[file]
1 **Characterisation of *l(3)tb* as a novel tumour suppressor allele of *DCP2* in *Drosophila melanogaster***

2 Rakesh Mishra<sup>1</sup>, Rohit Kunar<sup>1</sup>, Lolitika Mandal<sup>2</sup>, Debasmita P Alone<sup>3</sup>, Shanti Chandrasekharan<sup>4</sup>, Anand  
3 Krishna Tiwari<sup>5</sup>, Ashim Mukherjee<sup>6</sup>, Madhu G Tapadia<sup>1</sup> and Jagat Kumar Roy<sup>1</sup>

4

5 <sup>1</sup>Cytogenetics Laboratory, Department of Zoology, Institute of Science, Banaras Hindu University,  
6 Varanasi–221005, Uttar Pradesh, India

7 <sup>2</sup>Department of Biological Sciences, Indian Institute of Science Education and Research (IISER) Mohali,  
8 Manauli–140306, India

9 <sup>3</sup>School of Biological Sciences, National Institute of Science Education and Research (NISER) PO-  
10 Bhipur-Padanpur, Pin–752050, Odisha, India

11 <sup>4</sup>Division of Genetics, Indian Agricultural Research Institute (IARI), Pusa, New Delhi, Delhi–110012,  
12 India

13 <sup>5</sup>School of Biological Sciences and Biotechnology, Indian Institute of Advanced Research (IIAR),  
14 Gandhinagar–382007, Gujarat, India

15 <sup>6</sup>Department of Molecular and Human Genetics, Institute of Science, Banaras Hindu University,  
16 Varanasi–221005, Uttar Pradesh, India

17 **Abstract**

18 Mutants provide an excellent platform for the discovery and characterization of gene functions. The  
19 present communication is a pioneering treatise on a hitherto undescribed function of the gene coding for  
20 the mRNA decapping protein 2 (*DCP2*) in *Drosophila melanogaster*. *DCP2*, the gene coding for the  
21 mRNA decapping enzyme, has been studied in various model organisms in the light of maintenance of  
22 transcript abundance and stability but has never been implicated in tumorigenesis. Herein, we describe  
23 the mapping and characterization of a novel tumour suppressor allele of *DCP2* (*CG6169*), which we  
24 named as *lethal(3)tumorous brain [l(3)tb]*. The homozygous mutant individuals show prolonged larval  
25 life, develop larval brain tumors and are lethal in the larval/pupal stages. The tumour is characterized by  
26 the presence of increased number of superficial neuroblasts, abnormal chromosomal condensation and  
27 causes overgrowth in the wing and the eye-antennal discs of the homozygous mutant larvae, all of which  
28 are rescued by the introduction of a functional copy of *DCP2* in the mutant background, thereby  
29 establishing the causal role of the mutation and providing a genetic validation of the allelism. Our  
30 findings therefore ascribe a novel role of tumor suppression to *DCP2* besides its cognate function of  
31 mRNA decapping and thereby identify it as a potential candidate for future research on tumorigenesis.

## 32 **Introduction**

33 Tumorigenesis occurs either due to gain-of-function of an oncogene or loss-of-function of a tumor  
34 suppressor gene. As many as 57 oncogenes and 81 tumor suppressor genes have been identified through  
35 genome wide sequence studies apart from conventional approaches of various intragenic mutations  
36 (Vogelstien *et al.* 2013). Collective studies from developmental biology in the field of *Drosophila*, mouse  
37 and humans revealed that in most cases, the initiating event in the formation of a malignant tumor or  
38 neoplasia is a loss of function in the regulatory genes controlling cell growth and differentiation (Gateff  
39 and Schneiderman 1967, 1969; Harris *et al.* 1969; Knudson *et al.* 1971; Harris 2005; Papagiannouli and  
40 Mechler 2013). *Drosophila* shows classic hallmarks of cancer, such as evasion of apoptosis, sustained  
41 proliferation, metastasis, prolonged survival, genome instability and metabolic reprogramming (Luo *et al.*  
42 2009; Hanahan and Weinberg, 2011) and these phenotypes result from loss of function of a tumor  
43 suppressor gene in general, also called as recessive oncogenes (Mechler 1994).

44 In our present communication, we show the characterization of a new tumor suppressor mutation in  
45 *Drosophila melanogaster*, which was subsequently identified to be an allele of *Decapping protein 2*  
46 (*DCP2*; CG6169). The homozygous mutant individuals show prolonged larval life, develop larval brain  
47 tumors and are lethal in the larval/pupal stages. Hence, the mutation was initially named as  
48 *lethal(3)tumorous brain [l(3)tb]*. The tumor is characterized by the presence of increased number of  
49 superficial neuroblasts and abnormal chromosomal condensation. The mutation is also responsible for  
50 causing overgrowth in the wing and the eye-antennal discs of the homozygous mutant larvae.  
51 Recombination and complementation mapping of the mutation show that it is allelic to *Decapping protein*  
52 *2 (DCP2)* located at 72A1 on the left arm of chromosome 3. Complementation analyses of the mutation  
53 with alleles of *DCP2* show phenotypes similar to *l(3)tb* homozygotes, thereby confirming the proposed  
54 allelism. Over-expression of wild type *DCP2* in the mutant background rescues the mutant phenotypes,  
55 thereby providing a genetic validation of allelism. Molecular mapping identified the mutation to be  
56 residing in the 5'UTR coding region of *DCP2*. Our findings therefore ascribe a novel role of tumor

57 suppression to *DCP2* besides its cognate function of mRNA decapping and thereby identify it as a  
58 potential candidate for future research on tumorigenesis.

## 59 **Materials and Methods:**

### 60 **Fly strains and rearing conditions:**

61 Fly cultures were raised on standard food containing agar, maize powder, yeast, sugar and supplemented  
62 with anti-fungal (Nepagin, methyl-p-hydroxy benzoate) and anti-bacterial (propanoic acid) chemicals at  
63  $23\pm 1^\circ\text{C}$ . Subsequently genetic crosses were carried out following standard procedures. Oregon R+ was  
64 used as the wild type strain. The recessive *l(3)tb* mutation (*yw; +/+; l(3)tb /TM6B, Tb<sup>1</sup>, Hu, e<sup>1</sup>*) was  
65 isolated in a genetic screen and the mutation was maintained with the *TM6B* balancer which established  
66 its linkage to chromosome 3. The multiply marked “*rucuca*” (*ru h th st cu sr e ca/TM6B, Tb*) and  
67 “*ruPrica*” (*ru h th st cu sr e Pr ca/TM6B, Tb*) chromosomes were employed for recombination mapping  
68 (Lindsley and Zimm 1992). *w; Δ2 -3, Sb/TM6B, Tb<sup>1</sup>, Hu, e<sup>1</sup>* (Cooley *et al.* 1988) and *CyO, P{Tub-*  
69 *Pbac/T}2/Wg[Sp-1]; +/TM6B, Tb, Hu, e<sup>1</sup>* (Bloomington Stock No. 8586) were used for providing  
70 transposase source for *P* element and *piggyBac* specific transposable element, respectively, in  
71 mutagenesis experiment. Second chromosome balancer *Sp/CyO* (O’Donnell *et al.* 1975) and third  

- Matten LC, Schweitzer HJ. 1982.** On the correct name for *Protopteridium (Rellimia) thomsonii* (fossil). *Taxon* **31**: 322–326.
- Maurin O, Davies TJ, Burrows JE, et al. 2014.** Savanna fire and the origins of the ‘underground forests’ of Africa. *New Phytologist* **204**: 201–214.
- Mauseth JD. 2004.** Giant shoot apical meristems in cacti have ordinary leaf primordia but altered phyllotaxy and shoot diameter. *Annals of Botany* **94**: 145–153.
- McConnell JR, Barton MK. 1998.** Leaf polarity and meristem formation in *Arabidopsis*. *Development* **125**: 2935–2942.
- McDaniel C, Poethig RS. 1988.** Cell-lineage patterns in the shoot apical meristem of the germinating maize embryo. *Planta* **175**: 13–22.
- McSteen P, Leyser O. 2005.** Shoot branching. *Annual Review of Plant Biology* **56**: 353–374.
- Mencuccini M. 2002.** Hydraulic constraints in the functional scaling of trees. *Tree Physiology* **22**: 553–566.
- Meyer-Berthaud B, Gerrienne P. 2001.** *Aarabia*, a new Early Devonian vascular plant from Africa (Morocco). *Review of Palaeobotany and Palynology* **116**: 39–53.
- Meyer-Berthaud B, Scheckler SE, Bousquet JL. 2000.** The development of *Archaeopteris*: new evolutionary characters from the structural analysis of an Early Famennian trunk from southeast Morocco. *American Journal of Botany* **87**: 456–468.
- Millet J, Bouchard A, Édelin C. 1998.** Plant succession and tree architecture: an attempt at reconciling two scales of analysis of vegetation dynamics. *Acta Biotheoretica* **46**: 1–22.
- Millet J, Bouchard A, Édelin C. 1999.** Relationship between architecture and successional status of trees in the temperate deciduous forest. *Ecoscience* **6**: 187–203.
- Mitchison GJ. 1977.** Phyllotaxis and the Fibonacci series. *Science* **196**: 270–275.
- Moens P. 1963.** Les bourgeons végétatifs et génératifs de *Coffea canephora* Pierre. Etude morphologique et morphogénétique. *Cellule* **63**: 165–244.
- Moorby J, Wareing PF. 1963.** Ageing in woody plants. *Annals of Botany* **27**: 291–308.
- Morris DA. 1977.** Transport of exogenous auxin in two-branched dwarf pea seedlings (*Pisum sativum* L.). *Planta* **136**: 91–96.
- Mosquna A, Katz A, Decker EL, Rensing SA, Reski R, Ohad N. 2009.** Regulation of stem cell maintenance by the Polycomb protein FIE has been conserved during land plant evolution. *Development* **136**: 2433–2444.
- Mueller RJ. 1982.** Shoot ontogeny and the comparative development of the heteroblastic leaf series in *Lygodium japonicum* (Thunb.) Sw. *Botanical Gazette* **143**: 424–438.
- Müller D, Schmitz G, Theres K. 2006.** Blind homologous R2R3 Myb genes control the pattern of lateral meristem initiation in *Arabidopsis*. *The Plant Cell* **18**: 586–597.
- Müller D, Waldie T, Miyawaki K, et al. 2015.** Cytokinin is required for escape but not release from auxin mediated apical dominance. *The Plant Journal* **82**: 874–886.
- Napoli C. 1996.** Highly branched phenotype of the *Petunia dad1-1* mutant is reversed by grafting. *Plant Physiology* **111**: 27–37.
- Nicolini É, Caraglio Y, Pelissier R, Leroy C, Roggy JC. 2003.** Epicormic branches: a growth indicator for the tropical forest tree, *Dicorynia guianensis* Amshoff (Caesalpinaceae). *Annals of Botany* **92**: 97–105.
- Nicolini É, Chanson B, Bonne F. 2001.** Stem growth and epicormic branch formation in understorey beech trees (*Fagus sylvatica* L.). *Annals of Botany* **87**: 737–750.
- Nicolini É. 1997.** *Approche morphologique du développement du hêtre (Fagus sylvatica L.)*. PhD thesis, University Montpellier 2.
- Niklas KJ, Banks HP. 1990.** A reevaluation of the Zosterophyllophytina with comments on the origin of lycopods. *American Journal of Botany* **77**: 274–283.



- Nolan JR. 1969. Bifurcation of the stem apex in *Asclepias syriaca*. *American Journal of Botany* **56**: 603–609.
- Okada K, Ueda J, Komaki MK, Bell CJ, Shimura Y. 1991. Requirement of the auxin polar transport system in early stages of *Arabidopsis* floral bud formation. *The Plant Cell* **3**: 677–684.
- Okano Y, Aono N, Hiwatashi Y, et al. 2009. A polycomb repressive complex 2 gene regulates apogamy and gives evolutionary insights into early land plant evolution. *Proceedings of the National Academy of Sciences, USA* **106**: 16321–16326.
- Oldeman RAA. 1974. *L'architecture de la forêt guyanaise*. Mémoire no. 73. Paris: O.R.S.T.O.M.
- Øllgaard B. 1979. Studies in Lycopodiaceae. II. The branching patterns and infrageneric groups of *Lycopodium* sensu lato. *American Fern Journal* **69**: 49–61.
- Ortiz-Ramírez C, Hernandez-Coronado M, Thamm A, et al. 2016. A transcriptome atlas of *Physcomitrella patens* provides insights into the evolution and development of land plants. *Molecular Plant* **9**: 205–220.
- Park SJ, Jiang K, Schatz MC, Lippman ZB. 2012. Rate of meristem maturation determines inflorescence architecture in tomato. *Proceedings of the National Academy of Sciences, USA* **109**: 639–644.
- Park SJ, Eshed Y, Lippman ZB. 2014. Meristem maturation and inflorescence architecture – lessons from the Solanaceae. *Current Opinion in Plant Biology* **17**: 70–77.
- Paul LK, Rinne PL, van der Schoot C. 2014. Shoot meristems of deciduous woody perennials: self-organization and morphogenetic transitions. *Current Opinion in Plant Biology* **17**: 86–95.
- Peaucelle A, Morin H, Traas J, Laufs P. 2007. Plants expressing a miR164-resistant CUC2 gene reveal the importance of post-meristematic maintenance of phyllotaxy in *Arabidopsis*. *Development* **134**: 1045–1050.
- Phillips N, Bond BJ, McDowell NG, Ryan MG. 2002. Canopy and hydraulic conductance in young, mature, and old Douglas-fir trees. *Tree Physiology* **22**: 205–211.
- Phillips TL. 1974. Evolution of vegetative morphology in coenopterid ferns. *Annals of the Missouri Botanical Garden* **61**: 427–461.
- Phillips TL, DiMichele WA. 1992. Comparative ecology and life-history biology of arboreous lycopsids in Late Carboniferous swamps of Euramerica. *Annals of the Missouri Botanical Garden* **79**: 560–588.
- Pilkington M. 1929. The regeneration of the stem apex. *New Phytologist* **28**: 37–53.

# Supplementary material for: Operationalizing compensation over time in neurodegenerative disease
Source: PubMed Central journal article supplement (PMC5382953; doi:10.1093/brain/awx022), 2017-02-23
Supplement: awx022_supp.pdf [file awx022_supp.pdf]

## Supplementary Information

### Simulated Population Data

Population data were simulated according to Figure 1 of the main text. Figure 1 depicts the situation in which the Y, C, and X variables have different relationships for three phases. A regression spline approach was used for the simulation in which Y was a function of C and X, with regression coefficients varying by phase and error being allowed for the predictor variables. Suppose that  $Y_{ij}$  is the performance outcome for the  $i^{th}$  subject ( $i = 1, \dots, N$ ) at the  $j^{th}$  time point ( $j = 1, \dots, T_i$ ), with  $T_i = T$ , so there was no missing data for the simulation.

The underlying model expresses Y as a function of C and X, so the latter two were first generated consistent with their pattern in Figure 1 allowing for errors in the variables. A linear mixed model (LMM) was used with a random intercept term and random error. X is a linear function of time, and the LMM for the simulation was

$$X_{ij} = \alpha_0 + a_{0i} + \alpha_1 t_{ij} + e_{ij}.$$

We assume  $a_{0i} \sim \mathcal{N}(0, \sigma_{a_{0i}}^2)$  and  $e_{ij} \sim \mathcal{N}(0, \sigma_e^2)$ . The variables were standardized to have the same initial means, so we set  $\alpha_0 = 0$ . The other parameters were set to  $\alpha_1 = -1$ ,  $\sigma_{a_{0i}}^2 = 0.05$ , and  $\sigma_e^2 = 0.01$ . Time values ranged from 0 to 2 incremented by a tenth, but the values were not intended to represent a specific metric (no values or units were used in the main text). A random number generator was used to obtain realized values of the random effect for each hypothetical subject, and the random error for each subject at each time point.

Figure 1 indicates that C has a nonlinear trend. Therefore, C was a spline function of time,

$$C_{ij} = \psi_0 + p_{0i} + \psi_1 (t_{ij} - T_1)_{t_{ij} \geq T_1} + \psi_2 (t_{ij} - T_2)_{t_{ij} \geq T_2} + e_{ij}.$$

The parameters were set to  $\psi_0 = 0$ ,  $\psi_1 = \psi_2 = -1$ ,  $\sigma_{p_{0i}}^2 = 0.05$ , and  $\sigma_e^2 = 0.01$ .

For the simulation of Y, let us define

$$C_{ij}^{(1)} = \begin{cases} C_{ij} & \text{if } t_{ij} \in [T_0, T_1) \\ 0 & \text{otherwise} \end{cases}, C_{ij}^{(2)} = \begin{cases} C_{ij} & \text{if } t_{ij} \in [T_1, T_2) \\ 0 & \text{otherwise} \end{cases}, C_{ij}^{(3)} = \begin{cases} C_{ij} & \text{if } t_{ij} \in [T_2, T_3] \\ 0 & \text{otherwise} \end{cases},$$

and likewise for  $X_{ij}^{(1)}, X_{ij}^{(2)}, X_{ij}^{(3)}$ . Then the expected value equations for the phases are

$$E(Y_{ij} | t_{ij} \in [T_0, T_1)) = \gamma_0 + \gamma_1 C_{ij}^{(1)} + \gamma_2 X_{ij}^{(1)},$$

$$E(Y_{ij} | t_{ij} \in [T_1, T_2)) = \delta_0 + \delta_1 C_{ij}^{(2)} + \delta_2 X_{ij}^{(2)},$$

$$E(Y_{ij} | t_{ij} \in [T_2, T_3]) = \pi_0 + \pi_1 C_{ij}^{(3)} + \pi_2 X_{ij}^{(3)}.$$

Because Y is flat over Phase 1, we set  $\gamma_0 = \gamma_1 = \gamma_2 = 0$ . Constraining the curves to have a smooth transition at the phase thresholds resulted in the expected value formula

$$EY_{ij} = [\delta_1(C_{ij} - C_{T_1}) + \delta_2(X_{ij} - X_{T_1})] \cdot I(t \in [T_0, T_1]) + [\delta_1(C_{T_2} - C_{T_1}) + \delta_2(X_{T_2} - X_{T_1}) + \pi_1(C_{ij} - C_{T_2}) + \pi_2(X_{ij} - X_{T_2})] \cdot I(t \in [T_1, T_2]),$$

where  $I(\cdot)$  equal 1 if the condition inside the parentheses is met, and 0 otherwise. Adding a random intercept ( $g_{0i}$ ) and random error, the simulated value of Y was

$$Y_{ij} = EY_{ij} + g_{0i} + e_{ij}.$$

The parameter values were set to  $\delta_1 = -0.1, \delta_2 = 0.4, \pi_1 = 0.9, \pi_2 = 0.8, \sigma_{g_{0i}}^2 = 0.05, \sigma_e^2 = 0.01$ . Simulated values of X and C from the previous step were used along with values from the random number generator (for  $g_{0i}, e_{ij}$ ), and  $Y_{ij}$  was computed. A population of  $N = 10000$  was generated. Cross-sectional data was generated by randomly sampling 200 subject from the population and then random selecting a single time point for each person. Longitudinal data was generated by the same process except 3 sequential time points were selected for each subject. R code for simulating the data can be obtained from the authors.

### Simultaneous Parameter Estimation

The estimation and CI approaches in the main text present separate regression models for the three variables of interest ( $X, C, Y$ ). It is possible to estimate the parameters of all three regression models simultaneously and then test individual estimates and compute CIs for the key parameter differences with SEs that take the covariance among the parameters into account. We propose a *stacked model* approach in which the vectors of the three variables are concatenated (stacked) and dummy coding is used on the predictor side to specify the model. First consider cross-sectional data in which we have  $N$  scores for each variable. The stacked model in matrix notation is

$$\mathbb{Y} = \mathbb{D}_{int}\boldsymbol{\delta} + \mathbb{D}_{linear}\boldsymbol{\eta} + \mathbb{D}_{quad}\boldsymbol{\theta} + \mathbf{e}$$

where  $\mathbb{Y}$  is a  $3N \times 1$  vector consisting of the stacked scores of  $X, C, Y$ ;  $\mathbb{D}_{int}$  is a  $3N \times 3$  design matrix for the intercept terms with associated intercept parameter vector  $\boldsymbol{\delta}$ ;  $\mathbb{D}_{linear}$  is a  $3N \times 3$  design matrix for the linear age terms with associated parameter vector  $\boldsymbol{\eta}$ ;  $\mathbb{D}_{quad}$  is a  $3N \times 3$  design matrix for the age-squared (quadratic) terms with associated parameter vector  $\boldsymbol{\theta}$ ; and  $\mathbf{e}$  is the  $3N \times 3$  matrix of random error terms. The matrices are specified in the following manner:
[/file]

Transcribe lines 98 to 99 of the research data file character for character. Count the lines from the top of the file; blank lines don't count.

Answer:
- Okano Y, Aono N, Hiwatashi Y, et al. 2009. A polycomb repressive complex 2 gene regulates apogamy and gives evolutionary insights into early land plant evolution. *Proceedings of the National Academy of Sciences, USA* **106**: 16321–16326.
- Oldeman RAA. 1974. *L'architecture de la forêt guyanaise*. Mémoire no. 73. Paris: O.R.S.T.O.M.